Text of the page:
INTERVIEW: “The lack of European cooperation in heavy transport is ridiculous”

The lack of European cooperation for exceptional transports is creating unnecessary costs. Signalisation of abnormal transports is a national hobby and every member state wants to invent the wheel when it comes to digitization. Enough, says ESTA director Ton Klijn. “We need to align the rules and create heavy transport corridors for a safer and more efficient industry.”

What are the problems the industry is facing?

“Our main concerns are the lack of harmonisation between EU countries, the opaque and time consuming permitting procedures and the deteriorating road conditions in many EU countries. Currently, every member state has his own procedures and rules resulting in ridiculous circumstances for abnormal road transports and the truck drivers.”

Can you give an example of that?

“One area where the lack of harmonized rules is clearly visible is the marking and lighting of the trucks. A driver needs to carry a multitude of signs that all mean the same thing. In one country the sign for “long and wide cargo” needs to be 50 x 50 centimetres and in another 40 x 40 or 20 x 45. Some countries want it to be in red and white, others in black and yellow and some even in yellow and blue. In Germany you have to add a sign that reads “Schwertransport”, in Portugal “Veiculo Longo” and in France “Grande longueur” and so on. This process is repeated for every sign a truck needs to carry. It seems as is the marking and lighting of trucks are a national hobby.”

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Heavy haulage trucks are required to carry a multitude of signs that all mean the same thing. (Source: ESTA)


That does sound very cumbersome. You also mentioned problematic permitting procedures. What’s happening there?

“The problem is that every nation wants to invent the wheel when it comes to electronic permitting, but none of the countries are working together. An initiative by the French government stranded for that very reason. The existing procedures can be both costly and time-consuming. Permit issuing times vary from 48 hours to 8 weeks and in some countries, the permit might come in the form of a 104-page document of which every stakeholder needs a hard copy.”

“In Eastern Europe, the procedures and licensing fees are especially opaque. You have to speak the local language to be able to apply and some countries, like Bulgaria, charge hefty fees. Since enforcement is pretty much absent, a lot of transport companies simply don’t bother and risk the small change of getting caught. Often, the fine is cheaper than the permit anyway.”

How come that the exceptional transport industry is so poorly regulated?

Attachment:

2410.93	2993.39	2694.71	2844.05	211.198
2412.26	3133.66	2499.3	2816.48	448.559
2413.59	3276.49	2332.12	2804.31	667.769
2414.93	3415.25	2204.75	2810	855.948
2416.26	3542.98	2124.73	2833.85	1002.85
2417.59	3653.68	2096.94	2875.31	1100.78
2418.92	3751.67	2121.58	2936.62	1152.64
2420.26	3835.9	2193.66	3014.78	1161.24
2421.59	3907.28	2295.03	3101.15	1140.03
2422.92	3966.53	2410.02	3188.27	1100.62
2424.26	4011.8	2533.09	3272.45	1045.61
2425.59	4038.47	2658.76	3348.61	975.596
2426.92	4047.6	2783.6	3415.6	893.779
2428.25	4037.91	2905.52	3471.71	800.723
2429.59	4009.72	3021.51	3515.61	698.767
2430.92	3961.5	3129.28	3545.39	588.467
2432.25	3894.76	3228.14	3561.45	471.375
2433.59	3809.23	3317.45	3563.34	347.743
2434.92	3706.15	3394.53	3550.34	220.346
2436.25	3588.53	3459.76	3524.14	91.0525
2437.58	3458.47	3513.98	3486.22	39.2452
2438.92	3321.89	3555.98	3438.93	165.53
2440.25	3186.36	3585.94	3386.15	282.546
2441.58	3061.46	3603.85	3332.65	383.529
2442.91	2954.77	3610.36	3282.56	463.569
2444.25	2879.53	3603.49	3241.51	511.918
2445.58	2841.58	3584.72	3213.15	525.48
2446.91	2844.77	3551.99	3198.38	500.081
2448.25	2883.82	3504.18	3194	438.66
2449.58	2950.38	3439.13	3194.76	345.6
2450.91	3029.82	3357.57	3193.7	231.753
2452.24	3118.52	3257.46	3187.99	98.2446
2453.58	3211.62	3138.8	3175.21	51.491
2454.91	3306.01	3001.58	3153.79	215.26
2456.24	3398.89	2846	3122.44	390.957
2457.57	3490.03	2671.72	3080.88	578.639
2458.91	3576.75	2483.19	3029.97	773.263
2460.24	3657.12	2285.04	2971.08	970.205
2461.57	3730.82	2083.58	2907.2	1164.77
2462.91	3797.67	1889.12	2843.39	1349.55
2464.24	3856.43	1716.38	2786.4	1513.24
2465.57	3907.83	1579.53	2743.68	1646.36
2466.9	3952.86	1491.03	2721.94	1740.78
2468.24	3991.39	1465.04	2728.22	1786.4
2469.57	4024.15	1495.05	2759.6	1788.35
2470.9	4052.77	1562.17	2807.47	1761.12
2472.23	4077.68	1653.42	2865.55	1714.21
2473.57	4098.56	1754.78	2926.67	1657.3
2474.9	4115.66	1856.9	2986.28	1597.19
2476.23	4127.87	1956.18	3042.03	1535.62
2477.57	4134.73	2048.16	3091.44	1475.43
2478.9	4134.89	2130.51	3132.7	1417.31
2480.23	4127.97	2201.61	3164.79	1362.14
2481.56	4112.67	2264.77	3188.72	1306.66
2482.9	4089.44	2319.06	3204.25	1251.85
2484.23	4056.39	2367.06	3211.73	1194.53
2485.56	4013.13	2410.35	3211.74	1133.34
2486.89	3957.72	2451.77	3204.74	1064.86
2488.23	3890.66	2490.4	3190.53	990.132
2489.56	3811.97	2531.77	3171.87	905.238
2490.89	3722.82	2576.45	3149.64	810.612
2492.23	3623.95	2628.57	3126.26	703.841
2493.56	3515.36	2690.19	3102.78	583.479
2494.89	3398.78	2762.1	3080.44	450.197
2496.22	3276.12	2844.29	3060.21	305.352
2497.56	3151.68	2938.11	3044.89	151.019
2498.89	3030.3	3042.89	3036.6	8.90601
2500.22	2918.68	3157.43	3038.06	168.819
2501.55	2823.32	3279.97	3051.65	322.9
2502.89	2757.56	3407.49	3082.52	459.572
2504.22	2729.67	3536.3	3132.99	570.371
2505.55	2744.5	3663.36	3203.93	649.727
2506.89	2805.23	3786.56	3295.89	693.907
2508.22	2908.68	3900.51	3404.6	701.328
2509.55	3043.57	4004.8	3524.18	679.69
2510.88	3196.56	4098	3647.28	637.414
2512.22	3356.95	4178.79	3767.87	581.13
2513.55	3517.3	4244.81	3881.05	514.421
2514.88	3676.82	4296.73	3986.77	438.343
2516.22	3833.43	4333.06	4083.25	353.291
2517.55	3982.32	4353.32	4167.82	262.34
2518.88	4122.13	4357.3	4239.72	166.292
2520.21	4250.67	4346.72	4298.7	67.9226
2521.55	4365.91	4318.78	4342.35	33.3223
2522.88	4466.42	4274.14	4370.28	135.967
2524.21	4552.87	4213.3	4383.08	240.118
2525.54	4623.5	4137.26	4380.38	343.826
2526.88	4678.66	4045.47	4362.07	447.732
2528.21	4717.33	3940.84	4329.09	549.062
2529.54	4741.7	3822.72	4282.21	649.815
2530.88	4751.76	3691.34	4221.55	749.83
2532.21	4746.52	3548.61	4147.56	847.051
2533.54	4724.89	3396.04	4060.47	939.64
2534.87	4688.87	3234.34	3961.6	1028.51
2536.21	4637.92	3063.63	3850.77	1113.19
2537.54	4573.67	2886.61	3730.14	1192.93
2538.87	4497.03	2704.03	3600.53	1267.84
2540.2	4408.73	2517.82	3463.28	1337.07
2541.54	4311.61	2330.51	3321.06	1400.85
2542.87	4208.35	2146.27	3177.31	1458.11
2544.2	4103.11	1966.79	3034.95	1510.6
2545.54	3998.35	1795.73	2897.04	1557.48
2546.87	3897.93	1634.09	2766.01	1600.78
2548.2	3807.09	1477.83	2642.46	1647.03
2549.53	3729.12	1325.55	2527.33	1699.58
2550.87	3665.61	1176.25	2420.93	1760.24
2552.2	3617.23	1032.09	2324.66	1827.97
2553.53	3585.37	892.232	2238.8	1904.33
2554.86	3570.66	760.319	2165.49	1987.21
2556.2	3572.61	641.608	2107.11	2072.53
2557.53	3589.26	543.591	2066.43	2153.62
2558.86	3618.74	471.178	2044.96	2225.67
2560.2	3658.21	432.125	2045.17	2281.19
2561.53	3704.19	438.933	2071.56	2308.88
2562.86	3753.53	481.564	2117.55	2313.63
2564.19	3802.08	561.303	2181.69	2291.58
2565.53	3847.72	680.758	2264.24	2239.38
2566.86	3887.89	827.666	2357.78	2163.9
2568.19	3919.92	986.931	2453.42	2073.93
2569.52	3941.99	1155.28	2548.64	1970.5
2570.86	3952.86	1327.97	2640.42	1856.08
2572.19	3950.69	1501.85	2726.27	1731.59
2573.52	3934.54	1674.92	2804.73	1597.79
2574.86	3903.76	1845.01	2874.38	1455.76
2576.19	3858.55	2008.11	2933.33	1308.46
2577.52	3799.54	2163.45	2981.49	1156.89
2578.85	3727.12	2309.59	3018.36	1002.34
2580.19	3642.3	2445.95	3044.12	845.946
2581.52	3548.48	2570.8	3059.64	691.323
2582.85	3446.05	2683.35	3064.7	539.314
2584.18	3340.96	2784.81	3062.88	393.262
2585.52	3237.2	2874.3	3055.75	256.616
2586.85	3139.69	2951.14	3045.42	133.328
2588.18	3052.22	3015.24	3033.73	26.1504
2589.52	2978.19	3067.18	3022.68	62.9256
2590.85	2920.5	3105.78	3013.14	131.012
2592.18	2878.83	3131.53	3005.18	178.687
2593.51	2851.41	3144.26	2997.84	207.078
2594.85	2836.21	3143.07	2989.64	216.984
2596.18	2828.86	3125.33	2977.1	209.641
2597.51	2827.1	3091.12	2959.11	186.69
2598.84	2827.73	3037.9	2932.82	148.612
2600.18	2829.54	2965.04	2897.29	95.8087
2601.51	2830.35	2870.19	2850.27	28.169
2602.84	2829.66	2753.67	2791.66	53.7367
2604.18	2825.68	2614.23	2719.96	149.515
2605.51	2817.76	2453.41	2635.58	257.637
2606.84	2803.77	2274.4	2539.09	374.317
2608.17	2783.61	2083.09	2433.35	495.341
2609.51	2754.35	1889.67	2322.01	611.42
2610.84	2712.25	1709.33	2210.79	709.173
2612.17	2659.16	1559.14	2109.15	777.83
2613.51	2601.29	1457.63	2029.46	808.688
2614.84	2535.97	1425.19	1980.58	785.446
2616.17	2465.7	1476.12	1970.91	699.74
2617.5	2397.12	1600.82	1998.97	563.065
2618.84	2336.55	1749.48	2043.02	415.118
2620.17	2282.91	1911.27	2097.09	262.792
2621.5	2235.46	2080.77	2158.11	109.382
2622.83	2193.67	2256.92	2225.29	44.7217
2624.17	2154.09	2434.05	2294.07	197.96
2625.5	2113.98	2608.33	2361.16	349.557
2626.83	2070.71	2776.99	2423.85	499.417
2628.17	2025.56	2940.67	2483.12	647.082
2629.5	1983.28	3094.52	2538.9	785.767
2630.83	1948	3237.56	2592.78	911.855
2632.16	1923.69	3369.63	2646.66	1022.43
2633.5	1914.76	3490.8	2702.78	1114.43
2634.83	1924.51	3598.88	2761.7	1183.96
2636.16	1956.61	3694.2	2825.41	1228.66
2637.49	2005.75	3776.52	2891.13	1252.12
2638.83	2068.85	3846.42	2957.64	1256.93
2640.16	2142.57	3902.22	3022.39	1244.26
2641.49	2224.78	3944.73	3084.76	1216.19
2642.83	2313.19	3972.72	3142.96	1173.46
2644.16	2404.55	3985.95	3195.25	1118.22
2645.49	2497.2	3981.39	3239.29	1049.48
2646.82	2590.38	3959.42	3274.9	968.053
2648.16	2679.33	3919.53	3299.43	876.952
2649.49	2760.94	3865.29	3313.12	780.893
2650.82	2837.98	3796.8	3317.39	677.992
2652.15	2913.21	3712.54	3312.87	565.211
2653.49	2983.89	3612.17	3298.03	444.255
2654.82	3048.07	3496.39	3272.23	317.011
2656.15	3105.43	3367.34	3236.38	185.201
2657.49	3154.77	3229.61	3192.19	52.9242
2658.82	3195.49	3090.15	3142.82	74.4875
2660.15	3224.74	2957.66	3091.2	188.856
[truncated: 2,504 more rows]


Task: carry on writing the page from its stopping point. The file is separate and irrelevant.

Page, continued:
“Exceptional transport in Europe is operating largely in the dark. One reason is that nations benefit from having their own national rules. In France for example, companies are required to obtain a bridge calculation every time they cross a bridge. The fees for these calculations can be several thousand euros and provide a nice stream of revenue. There’s also the matter of deteriorating road conditions. In some countries, the roads are unfit for heavy transports and pan-European regulation could address that.”

So what do you as the European Association for Abnormal Road Transport and Mobile Cranes (ESTA) suggest we do?

“Firstly, we want to replace all the different vehicle registration documents by a standardized 3-page SERT-document (Special European Registration Trailer). The main benefits of this document are that all important data can be easily found and that it reduces language barriers as companies applying can simply check what value to enter in which box. Secondly, we want the permitting procedures in the EU to be aligned. The new procedure should also allow transport companies to obtain the permits online instead of filing huge amounts of paperwork as is the case now. We want the rules for marking and lighting and escorts to be harmonized as well.”

“And lastly, we plead for the creation of heavy transport corridors. That would shorten permit issuing times, reduce road maintenance costs and enhance safety. The European Commission is looking into the development of military corridors to be able to swiftly move equipment like tanks. It would be great if we can use that same corridor for abnormal transports too.”

What is ESTA doing to realize these changes?

“We are creating awareness and we’re working to convince member states that these changes ultimately benefit them as well. We have to enhance the efficiency of our industry, otherwise, we risk losing our worldwide export business to the USA and Australia.”

Managing director Ton Klijn of ESTA Europe. (Photo: ESTA)

Author: Tobias Pieffers

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